terraform plan command is used to create an execution plan. Terraform performs a refresh, unless explicitly disabled, and then determines what actions are necessary to achieve the desired state specified in the configuration files.
This command is a convenient way to check whether the execution plan for a set of changes matches your expectations without making any changes to real resources or to the state. For example,
terraform plan might be run before committing a change to version control, to create confidence that it will behave as expected.
-out argument can be used to save the generated plan to a file for later execution with
terraform apply, which can be useful when running Terraform in automation.
terraform plan [options] [dir-or-plan]
plan requires no flags and looks in the current directory for the configuration and state file to refresh.
If the command is given an existing saved plan as an argument, the command will output the contents of the saved plan. In this scenario, the
plan command will not modify the given plan. This can be used to inspect a planfile.
The command-line flags are all optional. The list of available flags are:
-destroy - If set, generates a plan to destroy all the known resources.
-detailed-exitcode - Return a detailed exit code when the command exits. When provided, this argument changes the exit codes and their meanings to provide more granular information about what the resulting plan contains:
-input=true - Ask for input for variables if not directly set.
-lock=true - Lock the state file when locking is supported.
-lock-timeout=0s - Duration to retry a state lock.
-module-depth=n - Specifies the depth of modules to show in the output. This does not affect the plan itself, only the output shown. By default, this is -1, which will expand all.
-no-color - Disables output with coloring.
-out=path - The path to save the generated execution plan. This plan can then be used with
terraform apply to be certain that only the changes shown in this plan are applied. Read the warning on saved plans below.
-refresh=true - Update the state prior to checking for differences.
-var-file=foo - Set variables in the Terraform configuration from a variable file. If a
terraform.tfvars or any
.auto.tfvars files are present in the current directory, they will be automatically loaded.
terraform.tfvars is loaded first and the
.auto.tfvars files after in alphabetical order. Any files specified by
-var-file override any values set automatically from files in the working directory. This flag can be used multiple times.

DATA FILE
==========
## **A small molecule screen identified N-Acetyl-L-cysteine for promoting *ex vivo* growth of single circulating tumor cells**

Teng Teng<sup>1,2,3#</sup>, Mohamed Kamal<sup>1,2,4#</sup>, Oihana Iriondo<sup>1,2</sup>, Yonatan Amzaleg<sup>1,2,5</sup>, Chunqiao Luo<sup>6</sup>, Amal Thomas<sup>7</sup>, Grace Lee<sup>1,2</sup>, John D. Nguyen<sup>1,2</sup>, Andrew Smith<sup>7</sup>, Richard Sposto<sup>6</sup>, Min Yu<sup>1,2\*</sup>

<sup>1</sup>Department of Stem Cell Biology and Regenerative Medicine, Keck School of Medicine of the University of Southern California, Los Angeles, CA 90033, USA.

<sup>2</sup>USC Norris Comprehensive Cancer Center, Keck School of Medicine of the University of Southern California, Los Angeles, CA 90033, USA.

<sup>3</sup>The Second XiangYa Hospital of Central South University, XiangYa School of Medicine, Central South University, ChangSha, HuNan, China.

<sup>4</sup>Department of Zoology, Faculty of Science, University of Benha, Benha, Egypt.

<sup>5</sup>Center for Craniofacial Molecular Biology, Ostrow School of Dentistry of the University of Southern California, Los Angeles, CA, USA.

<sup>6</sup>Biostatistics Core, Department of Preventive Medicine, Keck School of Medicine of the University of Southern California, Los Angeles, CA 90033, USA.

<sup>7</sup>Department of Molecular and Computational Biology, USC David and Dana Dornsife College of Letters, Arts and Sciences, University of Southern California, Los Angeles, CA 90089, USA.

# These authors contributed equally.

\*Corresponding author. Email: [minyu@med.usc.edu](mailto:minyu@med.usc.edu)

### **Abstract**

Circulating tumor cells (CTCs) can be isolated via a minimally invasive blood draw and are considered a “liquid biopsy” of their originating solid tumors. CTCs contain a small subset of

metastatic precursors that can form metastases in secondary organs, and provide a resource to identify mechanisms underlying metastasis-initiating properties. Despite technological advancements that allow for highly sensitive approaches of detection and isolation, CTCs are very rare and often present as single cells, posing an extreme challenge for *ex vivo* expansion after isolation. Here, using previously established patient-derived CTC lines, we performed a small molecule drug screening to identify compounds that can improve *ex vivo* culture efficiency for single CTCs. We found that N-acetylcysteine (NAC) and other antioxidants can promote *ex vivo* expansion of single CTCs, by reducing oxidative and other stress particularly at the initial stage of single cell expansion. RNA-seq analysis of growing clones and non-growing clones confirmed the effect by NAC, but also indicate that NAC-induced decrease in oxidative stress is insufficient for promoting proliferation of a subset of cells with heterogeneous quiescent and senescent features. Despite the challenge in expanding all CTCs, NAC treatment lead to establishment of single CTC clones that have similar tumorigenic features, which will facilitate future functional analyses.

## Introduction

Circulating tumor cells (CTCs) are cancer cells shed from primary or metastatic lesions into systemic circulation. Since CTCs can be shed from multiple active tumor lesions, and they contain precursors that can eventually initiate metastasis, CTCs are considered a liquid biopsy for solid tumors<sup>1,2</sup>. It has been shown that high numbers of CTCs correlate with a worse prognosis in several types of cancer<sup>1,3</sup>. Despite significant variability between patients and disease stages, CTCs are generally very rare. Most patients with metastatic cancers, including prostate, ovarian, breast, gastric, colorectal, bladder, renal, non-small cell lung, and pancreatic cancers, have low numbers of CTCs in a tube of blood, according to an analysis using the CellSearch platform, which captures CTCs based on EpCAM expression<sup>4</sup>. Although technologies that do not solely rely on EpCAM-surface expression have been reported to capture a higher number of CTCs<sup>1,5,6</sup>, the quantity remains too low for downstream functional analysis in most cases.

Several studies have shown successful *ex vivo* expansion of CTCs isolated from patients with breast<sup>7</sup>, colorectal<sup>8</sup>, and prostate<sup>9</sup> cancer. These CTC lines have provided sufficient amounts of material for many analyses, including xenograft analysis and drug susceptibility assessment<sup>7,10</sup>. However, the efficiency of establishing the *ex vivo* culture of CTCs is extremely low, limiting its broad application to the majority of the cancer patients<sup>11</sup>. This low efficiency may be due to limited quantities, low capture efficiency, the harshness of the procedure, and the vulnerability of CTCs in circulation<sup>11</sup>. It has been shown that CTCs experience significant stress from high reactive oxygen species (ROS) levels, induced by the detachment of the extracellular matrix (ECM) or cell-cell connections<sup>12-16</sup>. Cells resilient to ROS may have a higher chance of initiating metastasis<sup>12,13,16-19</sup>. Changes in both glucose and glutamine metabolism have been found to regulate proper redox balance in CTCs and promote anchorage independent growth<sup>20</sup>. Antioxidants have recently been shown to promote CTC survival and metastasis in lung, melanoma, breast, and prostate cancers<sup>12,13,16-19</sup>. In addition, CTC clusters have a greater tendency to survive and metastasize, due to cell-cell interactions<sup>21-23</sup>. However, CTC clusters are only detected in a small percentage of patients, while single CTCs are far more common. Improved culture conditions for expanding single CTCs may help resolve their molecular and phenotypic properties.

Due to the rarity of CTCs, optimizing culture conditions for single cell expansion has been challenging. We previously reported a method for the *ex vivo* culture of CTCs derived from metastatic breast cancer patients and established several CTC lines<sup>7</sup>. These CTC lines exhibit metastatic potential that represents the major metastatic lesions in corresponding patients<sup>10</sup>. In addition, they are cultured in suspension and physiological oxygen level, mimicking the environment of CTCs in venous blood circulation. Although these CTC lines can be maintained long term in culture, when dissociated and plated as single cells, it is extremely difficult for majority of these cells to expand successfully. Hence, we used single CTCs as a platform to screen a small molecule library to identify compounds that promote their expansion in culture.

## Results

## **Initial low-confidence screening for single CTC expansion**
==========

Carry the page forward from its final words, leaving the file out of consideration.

-target option can be used to focus Terraform's attention on only a subset of resources. Resource Address syntax is used to specify the constraint. The resource address is interpreted as follows:
If the given address has a resource spec, only the specified resource is targeted. If the named resource uses
count and no explicit index is specified in the address, all of the instances sharing the given resource name are targeted.
If the given address does not have a resource spec, and instead just specifies a module path, the target applies to all resources in the specified module and all of the descendent modules of the specified module.
This targeting capability is provided for exceptional circumstances, such as recovering from mistakes or working around Terraform limitations. It is not recommended to use
-target for routine operations, since this can lead to undetected configuration drift and confusion about how the true state of resources relates to configuration.
Instead of using
-target as a means to operate on isolated portions of very large configurations, prefer instead to break large configurations into several smaller configurations that can each be independently applied. Data sources can be used to access information about resources created in other configurations, allowing a complex system architecture to be broken down into more managable parts that can be updated independently.
Saved plan files (with the
-out flag) encode the configuration, state, diff, and variables. Variables are often used to store secrets. Therefore, the plan file can potentially store secrets.
Terraform itself does not encrypt the plan file. It is highly recommended to encrypt the plan file if you intend to transfer it or keep it at rest for an extended period of time.
Future versions of Terraform will make plan files more secure.
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